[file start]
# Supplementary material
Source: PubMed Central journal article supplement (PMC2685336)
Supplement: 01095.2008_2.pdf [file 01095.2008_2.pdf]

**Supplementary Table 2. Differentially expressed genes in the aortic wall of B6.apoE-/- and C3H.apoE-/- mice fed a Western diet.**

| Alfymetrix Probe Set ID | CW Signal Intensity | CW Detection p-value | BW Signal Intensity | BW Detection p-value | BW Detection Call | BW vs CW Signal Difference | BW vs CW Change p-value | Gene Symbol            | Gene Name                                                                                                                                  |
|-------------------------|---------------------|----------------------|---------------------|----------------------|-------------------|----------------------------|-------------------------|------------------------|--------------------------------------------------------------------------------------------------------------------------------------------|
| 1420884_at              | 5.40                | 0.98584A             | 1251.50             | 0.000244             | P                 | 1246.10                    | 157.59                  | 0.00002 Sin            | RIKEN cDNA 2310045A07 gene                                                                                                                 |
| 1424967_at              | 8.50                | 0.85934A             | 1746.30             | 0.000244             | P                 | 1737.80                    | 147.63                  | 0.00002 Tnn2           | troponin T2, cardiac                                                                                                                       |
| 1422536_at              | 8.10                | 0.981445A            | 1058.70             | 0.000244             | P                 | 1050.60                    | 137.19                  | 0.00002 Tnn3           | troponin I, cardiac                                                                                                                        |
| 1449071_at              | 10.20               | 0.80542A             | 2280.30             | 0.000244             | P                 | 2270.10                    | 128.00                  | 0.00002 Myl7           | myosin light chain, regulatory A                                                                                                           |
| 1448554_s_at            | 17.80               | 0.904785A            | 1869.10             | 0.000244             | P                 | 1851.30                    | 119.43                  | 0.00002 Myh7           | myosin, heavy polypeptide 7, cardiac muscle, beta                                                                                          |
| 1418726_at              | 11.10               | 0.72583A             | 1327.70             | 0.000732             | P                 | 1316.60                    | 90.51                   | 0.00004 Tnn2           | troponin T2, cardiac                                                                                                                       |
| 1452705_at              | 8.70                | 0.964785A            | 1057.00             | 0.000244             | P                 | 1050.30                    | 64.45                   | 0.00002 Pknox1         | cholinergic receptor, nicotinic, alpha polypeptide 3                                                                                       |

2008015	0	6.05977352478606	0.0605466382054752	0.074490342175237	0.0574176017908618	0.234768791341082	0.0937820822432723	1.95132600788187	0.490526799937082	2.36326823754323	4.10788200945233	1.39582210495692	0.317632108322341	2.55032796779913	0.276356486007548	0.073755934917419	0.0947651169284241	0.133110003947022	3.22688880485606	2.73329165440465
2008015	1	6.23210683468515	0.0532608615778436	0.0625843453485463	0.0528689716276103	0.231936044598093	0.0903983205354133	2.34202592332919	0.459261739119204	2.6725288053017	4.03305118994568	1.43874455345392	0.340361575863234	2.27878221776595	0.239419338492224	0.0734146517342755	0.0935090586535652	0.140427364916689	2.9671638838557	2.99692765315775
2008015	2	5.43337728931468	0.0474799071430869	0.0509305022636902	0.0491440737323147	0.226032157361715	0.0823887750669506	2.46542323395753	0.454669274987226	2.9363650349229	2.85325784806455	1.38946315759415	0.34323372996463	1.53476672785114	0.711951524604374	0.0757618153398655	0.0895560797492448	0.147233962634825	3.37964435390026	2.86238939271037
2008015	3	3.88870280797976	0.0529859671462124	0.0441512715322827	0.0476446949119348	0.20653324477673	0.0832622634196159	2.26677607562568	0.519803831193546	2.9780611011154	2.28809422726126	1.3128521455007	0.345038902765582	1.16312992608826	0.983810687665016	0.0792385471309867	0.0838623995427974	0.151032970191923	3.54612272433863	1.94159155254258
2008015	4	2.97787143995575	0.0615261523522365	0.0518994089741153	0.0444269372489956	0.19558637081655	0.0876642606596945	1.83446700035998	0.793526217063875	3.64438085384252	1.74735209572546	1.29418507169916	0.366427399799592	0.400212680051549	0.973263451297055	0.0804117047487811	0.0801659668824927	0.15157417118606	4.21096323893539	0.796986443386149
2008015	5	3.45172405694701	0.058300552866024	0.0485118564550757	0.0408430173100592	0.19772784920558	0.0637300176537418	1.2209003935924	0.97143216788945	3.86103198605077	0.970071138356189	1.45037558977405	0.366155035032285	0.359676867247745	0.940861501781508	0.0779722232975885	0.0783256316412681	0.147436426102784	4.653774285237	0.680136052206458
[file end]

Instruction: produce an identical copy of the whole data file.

# Supplementary material
Source: PubMed Central journal article supplement (PMC2685336)
Supplement: 01095.2008_2.pdf [file 01095.2008_2.pdf]

**Supplementary Table 2. Differentially expressed genes in the aortic wall of B6.apoE-/- and C3H.apoE-/- mice fed a Western diet.**

| Alfymetrix Probe Set ID | CW Signal Intensity | CW Detection p-value | BW Signal Intensity | BW Detection p-value | BW Detection Call | BW vs CW Signal Difference | BW vs CW Change p-value | Gene Symbol            | Gene Name                                                                                                                                  |
|-------------------------|---------------------|----------------------|---------------------|----------------------|-------------------|----------------------------|-------------------------|------------------------|--------------------------------------------------------------------------------------------------------------------------------------------|
| 1420884_at              | 5.40                | 0.98584A             | 1251.50             | 0.000244             | P                 | 1246.10                    | 157.59                  | 0.00002 Sin            | RIKEN cDNA 2310045A07 gene                                                                                                                 |
| 1424967_at              | 8.50                | 0.85934A             | 1746.30             | 0.000244             | P                 | 1737.80                    | 147.63                  | 0.00002 Tnn2           | troponin T2, cardiac                                                                                                                       |
| 1422536_at              | 8.10                | 0.981445A            | 1058.70             | 0.000244             | P                 | 1050.60                    | 137.19                  | 0.00002 Tnn3           | troponin I, cardiac                                                                                                                        |
| 1449071_at              | 10.20               | 0.80542A             | 2280.30             | 0.000244             | P                 | 2270.10                    | 128.00                  | 0.00002 Myl7           | myosin light chain, regulatory A                                                                                                           |
| 1448554_s_at            | 17.80               | 0.904785A            | 1869.10             | 0.000244             | P                 | 1851.30                    | 119.43                  | 0.00002 Myh7           | myosin, heavy polypeptide 7, cardiac muscle, beta                                                                                          |
| 1418726_at              | 11.10               | 0.72583A             | 1327.70             | 0.000732             | P                 | 1316.60                    | 90.51                   | 0.00004 Tnn2           | troponin T2, cardiac                                                                                                                       |
| 1452705_at              | 8.70                | 0.964785A            | 1057.00             | 0.000244             | P                 | 1050.30                    | 64.45                   | 0.00002 Pknox1         | cholinergic receptor, nicotinic, alpha polypeptide 3                                                                                       |

2008015	0	6.05977352478606	0.0605466382054752	0.074490342175237	0.0574176017908618	0.234768791341082	0.0937820822432723	1.95132600788187	0.490526799937082	2.36326823754323	4.10788200945233	1.39582210495692	0.317632108322341	2.55032796779913	0.276356486007548	0.073755934917419	0.0947651169284241	0.133110003947022	3.22688880485606	2.73329165440465
2008015	1	6.23210683468515	0.0532608615778436	0.0625843453485463	0.0528689716276103	0.231936044598093	0.0903983205354133	2.34202592332919	0.459261739119204	2.6725288053017	4.03305118994568	1.43874455345392	0.340361575863234	2.27878221776595	0.239419338492224	0.0734146517342755	0.0935090586535652	0.140427364916689	2.9671638838557	2.99692765315775
2008015	2	5.43337728931468	0.0474799071430869	0.0509305022636902	0.0491440737323147	0.226032157361715	0.0823887750669506	2.46542323395753	0.454669274987226	2.9363650349229	2.85325784806455	1.38946315759415	0.34323372996463	1.53476672785114	0.711951524604374	0.0757618153398655	0.0895560797492448	0.147233962634825	3.37964435390026	2.86238939271037
2008015	3	3.88870280797976	0.0529859671462124	0.0441512715322827	0.0476446949119348	0.20653324477673	0.0832622634196159	2.26677607562568	0.519803831193546	2.9780611011154	2.28809422726126	1.3128521455007	0.345038902765582	1.16312992608826	0.983810687665016	0.0792385471309867	0.0838623995427974	0.151032970191923	3.54612272433863	1.94159155254258
2008015	4	2.97787143995575	0.0615261523522365	0.0518994089741153	0.0444269372489956	0.19558637081655	0.0876642606596945	1.83446700035998	0.793526217063875	3.64438085384252	1.74735209572546	1.29418507169916	0.366427399799592	0.400212680051549	0.973263451297055	0.0804117047487811	0.0801659668824927	0.15157417118606	4.21096323893539	0.796986443386149
2008015	5	3.45172405694701	0.058300552866024	0.0485118564550757	0.0408430173100592	0.19772784920558	0.0637300176537418	1.2209003935924	0.97143216788945	3.86103198605077	0.970071138356189	1.45037558977405	0.366155035032285	0.359676867247745	0.940861501781508	0.0779722232975885	0.0783256316412681	0.147436426102784	4.653774285237	0.680136052206458